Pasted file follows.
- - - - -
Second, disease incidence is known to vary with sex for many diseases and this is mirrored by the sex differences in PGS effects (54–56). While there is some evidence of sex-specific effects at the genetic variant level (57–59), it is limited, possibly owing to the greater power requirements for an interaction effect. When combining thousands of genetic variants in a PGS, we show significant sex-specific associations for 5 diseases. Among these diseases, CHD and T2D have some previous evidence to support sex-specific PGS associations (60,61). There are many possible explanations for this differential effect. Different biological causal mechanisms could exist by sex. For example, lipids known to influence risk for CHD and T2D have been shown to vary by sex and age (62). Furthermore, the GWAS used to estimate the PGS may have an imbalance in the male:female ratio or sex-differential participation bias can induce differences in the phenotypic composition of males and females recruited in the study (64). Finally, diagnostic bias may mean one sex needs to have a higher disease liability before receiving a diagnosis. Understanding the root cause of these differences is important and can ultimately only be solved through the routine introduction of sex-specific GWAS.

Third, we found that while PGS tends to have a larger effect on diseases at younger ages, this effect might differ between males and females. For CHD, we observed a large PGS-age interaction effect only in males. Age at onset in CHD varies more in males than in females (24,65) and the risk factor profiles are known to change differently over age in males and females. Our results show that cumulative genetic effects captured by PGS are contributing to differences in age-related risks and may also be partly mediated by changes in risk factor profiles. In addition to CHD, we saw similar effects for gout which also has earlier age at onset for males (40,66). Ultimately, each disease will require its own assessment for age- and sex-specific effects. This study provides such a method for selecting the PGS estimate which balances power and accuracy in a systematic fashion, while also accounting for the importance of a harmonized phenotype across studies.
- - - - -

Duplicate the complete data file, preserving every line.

Second, disease incidence is known to vary with sex for many diseases and this is mirrored by the sex differences in PGS effects (54–56). While there is some evidence of sex-specific effects at the genetic variant level (57–59), it is limited, possibly owing to the greater power requirements for an interaction effect. When combining thousands of genetic variants in a PGS, we show significant sex-specific associations for 5 diseases. Among these diseases, CHD and T2D have some previous evidence to support sex-specific PGS associations (60,61). There are many possible explanations for this differential effect. Different biological causal mechanisms could exist by sex. For example, lipids known to influence risk for CHD and T2D have been shown to vary by sex and age (62). Furthermore, the GWAS used to estimate the PGS may have an imbalance in the male:female ratio or sex-differential participation bias can induce differences in the phenotypic composition of males and females recruited in the study (64). Finally, diagnostic bias may mean one sex needs to have a higher disease liability before receiving a diagnosis. Understanding the root cause of these differences is important and can ultimately only be solved through the routine introduction of sex-specific GWAS.

Third, we found that while PGS tends to have a larger effect on diseases at younger ages, this effect might differ between males and females. For CHD, we observed a large PGS-age interaction effect only in males. Age at onset in CHD varies more in males than in females (24,65) and the risk factor profiles are known to change differently over age in males and females. Our results show that cumulative genetic effects captured by PGS are contributing to differences in age-related risks and may also be partly mediated by changes in risk factor profiles. In addition to CHD, we saw similar effects for gout which also has earlier age at onset for males (40,66). Ultimately, each disease will require its own assessment for age- and sex-specific effects. This study provides such a method for selecting the PGS estimate which balances power and accuracy in a systematic fashion, while also accounting for the importance of a harmonized phenotype across studies.